This potential service is still under development. It is planned to be launched in the first half of 2015.  The Commission will continue to engage with the CCP in question and PSAs as the service comes to the market in order to assess its ability to serve the needs of PSAs.

The Commission will also explore with interest the ability of other CCPs to develop similar services. 

As the proposed service is yet to be launched, the Commission has explored additional potential technical solutions in order to identify whether there are other measures which might be taken by CCPs in enabling PSAs to post non-cash assets to meet VM calls. These potential technical solutions are outlined below. The viability of each option is assessed, taking into account associated legal, commercial, policy and practical obstacles, associated risks, and any identifiable likely costs to PSAs.

The baseline study also explored whether alternative solutions may exist outside of the CCP infrastructure for PSAs to be able to centrally clear without negatively affecting retirement incomes. These alternative solutions are also outlined below, with an analysis of their viability.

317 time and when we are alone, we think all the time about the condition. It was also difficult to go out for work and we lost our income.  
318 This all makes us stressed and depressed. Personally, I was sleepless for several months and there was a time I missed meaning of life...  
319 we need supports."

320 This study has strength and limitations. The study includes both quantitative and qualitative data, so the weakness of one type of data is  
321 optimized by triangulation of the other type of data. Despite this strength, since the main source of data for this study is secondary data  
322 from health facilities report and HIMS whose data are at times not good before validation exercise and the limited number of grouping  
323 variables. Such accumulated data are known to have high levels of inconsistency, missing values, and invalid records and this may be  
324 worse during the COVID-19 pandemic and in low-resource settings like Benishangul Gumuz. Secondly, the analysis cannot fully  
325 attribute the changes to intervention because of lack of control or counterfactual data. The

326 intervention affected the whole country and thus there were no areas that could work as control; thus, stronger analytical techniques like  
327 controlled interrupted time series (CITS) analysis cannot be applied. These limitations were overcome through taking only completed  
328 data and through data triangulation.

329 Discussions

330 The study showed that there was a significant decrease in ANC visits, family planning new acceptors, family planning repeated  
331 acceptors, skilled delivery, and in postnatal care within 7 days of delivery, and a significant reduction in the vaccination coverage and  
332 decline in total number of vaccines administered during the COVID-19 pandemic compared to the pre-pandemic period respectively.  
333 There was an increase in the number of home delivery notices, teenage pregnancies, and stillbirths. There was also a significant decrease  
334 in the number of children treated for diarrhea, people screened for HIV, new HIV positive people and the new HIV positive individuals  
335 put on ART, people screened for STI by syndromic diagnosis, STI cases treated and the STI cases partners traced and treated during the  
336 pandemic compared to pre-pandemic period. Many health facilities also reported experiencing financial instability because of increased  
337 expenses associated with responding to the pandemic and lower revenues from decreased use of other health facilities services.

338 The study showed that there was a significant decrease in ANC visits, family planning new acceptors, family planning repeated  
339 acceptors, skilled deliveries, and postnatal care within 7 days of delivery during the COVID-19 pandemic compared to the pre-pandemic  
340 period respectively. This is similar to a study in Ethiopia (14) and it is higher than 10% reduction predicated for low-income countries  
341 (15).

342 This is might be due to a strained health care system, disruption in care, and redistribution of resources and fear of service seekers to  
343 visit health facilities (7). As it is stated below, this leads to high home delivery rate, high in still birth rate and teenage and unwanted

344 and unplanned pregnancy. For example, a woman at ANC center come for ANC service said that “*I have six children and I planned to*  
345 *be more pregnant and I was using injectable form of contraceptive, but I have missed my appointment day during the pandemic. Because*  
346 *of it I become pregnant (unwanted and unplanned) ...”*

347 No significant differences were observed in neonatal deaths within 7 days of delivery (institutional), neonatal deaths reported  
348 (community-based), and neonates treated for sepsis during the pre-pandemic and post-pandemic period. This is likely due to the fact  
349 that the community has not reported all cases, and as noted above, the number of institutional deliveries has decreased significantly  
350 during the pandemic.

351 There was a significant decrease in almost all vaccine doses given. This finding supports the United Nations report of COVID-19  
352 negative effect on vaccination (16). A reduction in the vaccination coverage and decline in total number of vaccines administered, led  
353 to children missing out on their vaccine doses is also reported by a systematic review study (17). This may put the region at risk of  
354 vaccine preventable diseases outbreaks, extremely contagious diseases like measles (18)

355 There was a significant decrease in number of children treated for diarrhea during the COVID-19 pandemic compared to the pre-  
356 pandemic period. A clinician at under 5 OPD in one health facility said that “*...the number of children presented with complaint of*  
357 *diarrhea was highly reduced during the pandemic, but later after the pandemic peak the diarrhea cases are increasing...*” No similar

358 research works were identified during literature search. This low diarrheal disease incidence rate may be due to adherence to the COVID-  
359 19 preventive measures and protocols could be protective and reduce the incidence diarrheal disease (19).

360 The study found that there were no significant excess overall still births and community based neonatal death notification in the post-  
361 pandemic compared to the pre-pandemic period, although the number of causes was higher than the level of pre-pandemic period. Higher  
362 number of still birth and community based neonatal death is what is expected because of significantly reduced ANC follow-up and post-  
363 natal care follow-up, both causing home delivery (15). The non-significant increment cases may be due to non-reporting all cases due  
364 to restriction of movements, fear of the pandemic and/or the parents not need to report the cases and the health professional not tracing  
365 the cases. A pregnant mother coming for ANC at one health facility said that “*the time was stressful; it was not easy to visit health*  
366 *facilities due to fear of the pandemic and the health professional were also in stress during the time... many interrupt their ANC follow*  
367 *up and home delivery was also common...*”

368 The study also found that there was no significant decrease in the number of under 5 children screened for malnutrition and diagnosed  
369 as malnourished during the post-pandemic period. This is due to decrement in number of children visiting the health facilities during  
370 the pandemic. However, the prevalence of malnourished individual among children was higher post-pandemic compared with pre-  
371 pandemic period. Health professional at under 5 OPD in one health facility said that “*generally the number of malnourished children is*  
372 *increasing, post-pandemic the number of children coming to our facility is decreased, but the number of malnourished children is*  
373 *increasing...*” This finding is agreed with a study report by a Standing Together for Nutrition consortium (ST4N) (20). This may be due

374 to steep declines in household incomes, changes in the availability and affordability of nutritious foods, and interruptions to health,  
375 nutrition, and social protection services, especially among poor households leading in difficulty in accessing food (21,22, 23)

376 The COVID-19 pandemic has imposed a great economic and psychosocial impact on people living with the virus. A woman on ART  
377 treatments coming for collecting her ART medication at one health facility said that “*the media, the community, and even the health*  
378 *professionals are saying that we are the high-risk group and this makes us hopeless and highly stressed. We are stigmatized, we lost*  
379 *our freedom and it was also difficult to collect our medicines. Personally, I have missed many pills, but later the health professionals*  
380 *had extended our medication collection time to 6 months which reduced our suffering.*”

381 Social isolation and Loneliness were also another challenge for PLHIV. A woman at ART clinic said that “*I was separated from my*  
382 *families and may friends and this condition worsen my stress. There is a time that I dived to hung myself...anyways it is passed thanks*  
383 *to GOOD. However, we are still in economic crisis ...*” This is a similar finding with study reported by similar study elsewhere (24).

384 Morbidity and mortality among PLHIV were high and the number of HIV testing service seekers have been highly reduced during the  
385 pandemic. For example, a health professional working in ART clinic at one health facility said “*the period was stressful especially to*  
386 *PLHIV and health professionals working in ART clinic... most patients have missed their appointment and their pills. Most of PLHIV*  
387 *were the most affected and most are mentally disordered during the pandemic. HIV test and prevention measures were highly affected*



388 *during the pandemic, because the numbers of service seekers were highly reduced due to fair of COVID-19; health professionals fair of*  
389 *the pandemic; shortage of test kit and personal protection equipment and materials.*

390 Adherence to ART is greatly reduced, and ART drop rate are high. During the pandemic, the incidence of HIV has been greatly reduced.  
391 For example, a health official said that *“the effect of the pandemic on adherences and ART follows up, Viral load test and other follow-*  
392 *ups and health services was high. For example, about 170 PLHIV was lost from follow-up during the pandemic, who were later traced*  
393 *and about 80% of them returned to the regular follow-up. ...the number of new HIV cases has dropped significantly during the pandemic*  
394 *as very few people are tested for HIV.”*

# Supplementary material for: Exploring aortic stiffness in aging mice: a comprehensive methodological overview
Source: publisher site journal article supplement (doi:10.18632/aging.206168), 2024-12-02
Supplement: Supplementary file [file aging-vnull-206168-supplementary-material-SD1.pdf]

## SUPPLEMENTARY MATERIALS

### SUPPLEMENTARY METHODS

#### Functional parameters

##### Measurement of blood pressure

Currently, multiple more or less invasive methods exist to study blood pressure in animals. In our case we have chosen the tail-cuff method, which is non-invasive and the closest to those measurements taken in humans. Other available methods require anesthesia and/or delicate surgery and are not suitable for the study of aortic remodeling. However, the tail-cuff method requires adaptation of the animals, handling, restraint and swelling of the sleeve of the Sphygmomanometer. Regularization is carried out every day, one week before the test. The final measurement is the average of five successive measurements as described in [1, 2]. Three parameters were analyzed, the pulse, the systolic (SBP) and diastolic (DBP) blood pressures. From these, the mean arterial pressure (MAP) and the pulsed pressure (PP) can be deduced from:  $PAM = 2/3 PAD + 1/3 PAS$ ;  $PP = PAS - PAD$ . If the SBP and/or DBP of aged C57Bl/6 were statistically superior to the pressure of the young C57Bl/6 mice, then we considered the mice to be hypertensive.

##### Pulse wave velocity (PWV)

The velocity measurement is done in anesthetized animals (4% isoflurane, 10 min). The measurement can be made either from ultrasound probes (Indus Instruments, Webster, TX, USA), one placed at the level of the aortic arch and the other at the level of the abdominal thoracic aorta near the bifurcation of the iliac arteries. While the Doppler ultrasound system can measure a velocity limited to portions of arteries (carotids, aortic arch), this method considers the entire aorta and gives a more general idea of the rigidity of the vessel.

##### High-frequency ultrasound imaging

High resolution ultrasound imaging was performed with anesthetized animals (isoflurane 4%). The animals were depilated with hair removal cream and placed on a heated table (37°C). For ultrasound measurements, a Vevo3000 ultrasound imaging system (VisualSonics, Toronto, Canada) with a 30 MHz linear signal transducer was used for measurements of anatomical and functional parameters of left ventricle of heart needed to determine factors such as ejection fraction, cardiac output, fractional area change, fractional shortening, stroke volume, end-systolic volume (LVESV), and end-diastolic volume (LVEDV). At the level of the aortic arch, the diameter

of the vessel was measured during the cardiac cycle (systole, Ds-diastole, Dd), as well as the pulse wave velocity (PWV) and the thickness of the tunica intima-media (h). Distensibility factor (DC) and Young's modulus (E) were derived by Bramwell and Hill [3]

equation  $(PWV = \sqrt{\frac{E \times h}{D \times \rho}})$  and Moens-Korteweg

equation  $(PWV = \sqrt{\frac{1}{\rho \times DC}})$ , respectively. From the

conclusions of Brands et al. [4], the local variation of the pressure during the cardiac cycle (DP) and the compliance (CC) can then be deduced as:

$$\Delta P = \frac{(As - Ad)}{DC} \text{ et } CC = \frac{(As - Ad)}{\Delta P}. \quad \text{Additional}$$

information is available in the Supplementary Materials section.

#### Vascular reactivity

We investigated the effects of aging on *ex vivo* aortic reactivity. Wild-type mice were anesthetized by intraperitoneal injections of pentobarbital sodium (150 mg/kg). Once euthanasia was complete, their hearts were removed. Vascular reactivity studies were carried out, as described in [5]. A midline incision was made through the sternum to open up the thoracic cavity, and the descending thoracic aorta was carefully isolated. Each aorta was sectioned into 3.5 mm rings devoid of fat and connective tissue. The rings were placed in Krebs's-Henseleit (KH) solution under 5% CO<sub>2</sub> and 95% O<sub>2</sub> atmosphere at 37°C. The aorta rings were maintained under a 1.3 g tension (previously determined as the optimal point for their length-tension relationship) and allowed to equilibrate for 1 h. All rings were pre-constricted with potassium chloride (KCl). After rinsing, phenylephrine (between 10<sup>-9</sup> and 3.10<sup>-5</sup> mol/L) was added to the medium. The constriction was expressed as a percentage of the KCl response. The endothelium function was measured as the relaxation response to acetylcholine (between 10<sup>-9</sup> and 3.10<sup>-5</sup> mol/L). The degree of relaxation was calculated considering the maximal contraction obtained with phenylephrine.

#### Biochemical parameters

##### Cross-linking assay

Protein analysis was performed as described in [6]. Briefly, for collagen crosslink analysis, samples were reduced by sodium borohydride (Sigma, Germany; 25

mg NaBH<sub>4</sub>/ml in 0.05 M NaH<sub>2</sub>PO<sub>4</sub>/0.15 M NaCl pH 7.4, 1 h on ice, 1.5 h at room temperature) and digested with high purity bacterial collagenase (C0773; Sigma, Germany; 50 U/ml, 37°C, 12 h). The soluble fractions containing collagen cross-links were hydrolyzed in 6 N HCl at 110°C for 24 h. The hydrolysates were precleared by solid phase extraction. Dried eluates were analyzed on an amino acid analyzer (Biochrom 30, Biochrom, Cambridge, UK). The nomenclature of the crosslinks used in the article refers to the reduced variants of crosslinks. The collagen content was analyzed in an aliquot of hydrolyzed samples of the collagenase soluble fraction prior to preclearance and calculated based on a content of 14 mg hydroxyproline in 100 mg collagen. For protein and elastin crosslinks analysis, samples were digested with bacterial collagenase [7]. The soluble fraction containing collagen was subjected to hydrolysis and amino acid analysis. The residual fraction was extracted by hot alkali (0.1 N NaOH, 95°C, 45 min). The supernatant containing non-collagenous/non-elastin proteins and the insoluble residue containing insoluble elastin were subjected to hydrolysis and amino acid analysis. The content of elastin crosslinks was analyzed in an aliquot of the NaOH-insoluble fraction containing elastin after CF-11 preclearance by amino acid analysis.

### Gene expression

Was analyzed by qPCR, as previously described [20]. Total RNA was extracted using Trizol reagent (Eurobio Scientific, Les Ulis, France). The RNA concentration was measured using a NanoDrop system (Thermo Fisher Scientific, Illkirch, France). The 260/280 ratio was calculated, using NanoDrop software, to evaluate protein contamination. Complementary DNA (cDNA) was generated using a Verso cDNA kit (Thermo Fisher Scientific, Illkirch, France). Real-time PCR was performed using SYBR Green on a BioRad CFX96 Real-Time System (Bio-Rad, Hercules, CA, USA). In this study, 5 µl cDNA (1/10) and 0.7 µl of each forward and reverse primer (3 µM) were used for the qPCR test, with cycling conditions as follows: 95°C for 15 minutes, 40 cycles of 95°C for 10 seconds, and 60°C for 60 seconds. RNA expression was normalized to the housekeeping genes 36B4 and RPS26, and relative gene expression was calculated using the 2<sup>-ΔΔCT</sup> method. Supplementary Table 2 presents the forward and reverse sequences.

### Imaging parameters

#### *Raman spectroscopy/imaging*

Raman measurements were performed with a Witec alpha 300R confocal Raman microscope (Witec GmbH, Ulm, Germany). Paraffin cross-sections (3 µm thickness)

Any resulting risks of the technical or alternative solutions must of course be balanced against the level of systemic risk mitigation that central clearing provides.


(i)  Collateral transformation by CCPs

 This would entail a repo service offered by CCPs to PSAs in which the CCP would be the principal counterparty to the repo transaction, providing cash to the PSA in return for securities. In this sense, the core concept is comparable to the PSA repo service under development by the CCP outlined above. However, this potential solution does not assume the ability of the CCP to also create an offering for an organised repo trading platform and associated clearing service.

The relevant CCP would then need to execute a back-to-back repo with a third party concurrently in order to raise the cash. This third-party would be either a dealer bank in the repo market or a central bank.

It is questionable whether an arrangement in which the central bank is the only provider of liquidity for repo would be acceptable to that central bank therefore this discussion assumes a solution whereby the CCP expects to use the commercial banks in ‘normal’ conditions and only uses the central bank in adverse market scenarios.